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“Bobbing and weaving through extremely large and turbulent thunderstorm clouds, dealing with a potentially life-threatening problem involving a frozen oxygen tank valve, and being struck by a storm cell that iced over his balloon and added hundreds of kilograms of unwanted weight”  – This is just a small insight on what goes on a hot air balloon circumnavigates the earth.

In 2016 Russian adventurer Fedor Konyukhov successfully beat the world record for an around the world flight by 3 days of which the record was previously held by Steve Fosset. Launching and landing back in Western Australia it was an amazing example of what hot air balloons can do.

The hot air balloon was a special combination of a hot air envelope and helium cell, known in the industry as a ‘Roziere’ balloon. Cameron Balloons Ltd of Bristol, England designed and built it.

The balloon envelope was 168 ft tall and 60 ft wide. It featured a mylar envelope or “tent” enclosing a small sealed helium balloon (623 cubic meters) at top and a secondary envelope, which enclosed a large sealed helium balloon (15.576 cubic meters). The twin envelopes minimizes heat loss, and traps solar heat during the day. Thirty-four tanks of propane and ethane fuel hanging beside the capsule to feed the burners on top.  Pilot can steer the balloon by ascending or descending to find wind blowing in the right direction. The balloon was equipped with a special onboard autopilot system called ‘Comstock Autopilot’, which can maintain the balloon at a constant altitude by using a computer to control the burners.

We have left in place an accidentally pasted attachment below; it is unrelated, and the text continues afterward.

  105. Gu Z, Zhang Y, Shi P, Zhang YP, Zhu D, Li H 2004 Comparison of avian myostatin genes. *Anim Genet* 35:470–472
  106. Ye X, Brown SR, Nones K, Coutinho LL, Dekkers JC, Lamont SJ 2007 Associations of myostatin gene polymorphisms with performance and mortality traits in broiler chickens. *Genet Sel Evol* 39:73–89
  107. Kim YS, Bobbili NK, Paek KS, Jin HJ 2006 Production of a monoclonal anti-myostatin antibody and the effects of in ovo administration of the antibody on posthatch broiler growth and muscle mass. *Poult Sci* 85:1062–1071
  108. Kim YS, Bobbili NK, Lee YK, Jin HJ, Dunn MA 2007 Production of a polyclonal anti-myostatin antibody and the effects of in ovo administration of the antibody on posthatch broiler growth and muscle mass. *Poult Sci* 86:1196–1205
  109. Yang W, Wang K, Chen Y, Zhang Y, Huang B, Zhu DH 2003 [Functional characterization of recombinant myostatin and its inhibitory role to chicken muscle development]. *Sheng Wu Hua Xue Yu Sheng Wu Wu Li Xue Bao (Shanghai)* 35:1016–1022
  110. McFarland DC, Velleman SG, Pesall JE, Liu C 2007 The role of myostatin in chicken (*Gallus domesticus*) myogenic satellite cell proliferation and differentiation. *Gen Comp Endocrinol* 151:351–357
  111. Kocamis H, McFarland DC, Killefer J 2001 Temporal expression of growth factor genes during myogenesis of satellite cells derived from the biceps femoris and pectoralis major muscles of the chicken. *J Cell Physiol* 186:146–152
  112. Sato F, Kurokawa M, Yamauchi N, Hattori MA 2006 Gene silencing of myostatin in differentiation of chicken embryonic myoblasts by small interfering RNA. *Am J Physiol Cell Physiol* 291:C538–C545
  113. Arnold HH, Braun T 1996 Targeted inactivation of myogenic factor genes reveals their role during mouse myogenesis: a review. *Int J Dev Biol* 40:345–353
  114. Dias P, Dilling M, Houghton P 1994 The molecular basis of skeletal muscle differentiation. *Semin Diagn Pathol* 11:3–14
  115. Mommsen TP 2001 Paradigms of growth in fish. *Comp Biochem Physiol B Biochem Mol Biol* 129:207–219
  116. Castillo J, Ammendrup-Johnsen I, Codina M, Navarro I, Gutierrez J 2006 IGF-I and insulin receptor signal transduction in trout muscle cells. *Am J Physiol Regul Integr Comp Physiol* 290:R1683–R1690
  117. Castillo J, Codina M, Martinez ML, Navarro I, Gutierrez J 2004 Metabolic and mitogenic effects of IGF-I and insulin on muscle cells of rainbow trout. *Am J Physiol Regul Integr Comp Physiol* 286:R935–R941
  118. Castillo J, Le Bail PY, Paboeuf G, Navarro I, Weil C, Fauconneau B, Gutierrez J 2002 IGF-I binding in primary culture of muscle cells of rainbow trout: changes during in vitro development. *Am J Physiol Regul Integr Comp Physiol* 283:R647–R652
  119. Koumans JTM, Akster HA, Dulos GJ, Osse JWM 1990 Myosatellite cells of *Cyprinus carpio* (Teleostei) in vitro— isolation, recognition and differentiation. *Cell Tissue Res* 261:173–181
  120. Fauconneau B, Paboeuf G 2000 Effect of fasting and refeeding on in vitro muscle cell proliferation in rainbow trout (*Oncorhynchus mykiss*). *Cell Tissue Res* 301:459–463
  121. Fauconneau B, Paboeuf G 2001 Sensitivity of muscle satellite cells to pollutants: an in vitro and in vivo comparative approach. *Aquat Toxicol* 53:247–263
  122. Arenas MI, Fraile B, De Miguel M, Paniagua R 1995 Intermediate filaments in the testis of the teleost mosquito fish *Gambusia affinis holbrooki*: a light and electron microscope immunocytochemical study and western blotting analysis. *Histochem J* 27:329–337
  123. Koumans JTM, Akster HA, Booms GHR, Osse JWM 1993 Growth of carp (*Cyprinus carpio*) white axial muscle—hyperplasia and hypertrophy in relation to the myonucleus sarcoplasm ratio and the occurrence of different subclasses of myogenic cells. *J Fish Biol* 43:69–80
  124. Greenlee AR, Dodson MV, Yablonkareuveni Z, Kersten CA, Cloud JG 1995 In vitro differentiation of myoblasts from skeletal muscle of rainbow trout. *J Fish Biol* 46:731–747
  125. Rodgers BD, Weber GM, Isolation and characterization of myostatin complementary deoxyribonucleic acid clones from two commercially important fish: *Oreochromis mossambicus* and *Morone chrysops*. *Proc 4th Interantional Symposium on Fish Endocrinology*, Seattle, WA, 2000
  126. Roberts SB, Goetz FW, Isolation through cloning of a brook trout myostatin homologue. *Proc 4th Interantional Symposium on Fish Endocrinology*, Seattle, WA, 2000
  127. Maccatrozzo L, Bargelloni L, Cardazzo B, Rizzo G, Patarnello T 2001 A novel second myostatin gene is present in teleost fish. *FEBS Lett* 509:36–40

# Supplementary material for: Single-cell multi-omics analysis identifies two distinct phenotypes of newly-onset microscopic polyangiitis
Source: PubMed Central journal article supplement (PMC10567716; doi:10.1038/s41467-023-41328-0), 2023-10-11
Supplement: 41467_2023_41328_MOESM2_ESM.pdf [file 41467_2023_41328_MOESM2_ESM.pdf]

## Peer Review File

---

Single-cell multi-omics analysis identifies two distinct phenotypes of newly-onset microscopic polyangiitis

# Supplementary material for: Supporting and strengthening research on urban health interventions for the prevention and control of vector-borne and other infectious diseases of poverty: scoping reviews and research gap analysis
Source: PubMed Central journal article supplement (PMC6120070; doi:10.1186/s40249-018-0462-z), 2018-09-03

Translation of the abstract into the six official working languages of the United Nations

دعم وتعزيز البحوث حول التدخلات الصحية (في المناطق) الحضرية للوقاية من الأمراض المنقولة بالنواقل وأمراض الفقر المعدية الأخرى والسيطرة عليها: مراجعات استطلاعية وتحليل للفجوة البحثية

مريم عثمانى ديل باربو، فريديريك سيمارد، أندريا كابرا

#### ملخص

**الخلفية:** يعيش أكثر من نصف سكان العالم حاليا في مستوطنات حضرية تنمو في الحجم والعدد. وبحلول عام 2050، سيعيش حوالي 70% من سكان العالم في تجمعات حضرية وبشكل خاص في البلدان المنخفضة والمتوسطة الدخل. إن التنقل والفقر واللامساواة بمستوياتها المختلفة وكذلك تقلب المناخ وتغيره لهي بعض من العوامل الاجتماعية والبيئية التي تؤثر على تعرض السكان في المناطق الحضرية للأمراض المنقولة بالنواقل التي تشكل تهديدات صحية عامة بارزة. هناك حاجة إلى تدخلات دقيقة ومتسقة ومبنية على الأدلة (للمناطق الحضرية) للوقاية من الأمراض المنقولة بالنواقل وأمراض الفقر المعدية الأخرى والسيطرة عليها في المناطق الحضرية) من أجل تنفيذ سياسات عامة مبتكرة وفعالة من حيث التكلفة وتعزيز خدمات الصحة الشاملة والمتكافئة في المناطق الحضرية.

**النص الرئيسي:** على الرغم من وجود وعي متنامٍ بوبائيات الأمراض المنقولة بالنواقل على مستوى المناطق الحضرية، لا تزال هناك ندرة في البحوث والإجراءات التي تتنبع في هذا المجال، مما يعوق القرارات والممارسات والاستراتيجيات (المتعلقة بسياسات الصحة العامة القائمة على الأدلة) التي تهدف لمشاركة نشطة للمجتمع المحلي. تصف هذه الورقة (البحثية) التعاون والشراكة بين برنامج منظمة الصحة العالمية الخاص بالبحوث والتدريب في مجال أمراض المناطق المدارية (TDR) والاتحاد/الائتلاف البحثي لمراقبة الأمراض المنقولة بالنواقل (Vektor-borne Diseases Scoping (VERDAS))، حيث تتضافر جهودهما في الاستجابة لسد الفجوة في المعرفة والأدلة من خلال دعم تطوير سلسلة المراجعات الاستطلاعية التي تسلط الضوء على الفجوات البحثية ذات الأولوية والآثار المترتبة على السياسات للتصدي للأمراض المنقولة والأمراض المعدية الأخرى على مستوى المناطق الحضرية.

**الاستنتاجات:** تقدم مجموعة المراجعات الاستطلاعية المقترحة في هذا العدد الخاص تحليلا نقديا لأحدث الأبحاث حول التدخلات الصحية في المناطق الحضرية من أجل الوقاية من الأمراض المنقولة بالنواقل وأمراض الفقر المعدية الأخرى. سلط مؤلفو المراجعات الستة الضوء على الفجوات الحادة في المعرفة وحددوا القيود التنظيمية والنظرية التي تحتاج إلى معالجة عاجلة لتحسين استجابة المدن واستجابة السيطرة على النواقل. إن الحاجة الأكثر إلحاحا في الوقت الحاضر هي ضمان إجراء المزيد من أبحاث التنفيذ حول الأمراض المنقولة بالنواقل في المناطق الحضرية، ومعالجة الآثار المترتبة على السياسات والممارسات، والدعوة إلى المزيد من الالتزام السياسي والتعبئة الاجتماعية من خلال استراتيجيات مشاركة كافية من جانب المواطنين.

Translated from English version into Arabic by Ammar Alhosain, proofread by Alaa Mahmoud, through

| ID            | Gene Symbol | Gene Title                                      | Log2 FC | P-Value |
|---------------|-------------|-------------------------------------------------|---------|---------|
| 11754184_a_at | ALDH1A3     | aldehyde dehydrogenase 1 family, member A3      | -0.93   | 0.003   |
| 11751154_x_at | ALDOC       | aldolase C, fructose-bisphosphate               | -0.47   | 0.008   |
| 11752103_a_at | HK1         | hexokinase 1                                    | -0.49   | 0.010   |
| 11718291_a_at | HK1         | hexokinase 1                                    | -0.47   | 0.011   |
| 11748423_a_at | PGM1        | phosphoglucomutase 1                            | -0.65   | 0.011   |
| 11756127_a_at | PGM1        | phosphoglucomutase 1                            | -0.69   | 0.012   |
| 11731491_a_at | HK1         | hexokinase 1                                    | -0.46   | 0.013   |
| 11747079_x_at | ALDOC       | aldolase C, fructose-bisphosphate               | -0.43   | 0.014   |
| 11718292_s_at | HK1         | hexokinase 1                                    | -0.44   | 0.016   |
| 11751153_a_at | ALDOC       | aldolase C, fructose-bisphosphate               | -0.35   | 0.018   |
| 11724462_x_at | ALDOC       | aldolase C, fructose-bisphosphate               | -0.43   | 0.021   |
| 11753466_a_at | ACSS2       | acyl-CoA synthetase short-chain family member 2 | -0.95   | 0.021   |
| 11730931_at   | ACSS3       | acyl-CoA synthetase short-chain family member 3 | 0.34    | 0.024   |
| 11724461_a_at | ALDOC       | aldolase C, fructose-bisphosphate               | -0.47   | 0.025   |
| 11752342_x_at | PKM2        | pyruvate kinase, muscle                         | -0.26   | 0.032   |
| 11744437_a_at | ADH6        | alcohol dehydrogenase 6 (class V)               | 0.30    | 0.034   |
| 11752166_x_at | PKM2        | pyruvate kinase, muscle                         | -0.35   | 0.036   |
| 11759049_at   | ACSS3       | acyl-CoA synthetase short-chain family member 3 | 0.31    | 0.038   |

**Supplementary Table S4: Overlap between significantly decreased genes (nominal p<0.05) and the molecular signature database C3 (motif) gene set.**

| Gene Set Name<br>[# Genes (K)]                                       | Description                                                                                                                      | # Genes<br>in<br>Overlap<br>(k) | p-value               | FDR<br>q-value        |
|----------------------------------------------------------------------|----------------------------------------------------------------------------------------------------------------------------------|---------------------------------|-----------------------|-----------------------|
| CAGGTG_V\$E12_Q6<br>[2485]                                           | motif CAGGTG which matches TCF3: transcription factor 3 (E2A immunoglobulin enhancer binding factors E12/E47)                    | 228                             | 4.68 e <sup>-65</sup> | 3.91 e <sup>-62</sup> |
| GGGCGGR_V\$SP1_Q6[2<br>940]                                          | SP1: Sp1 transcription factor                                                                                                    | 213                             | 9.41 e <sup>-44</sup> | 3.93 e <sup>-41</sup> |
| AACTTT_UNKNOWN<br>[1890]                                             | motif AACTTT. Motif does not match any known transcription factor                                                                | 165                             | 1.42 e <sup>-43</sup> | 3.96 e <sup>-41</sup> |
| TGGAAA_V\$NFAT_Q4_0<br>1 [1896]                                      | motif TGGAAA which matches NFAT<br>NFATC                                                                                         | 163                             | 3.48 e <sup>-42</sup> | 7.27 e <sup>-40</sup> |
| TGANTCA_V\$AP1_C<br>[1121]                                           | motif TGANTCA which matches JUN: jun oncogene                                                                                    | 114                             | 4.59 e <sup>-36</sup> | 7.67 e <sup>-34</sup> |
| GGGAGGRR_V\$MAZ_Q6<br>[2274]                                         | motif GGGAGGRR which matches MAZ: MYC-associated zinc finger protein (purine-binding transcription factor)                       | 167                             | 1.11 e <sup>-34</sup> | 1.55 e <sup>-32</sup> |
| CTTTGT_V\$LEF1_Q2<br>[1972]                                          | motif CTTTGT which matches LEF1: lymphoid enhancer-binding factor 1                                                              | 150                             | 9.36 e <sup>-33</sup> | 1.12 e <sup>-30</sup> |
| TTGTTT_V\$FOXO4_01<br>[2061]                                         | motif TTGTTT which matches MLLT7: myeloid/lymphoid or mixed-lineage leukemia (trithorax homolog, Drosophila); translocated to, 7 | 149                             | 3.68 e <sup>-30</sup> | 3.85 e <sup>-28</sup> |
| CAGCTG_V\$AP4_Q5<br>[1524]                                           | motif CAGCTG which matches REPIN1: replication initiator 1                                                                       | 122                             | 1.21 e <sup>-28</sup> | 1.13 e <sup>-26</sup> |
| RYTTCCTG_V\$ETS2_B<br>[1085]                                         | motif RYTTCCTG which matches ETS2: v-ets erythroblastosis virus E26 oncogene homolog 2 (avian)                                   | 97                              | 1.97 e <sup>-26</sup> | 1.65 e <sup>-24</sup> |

Konyukhov lived in a carbon-fiber gondola, roughly six feet (two meters) wide and six feet (two meters) tall, which could double as an autonomous life boat in the event of a water landing.

Total distance travelled was 32996km  in 11d 5h 32m and a record that will again stand for some time.

Fedor is now aiming to fly to reach 25 kilometres, around 82,000 feet AMSL, – more than twice the height at which commercial airliners typically fly in which to break the world altitude record for a hot air balloon.

In theory, using good conditions, the size of the envelope could lift him even higher to 85,000 feet (25.9 km). Fedor intends to fly nearly four times higher than Mount Everest’s summit peak which stands at 8,848metres/29,028 feet (Everest’s summit is the world’s highest elevation above sea level).

The burners have been created to operate at up to 85,000 feet and Fedor recently saw them tested, running and being re-lit, in an altitude chamber that had been depressurised to the equivalent of 85k.

The Z-3,500’s envelope is made of about 9km (5.6 miles) of special lightweight fabric and – together with the gondola, or capsule – will stand 68m (223ft) tall, once inflated.

A typical envelope for a sport balloon is about 2,500 cubic metres in volume. This one is a staggering 100,000 cubic metres.

Cameron Balloons had great difficulty even inspecting and testing it because if we inflate it in the sunshine, just the warmth of the sun heating it a few degrees at the surface would give it an uncontrollable amount of lift.

“We took it to a big aircraft hangar in Bristol where I used to work years ago and inspected it thoroughly, but we couldn’t fully inflate it. Its first full inflation will be on the day it flies.”

Mr Konyukhov and his tiny Z-3,500 capsule will be fitted with special parachutes in case there is a mishap during the record attempt.

If all goes according to plan, he will be up and down within a day.

If you’re thinking about experiencing some more mild heights of up to 5000ft above the beautiful Hunter Valley come join Beyond Ballooning for a trip of a lifetime.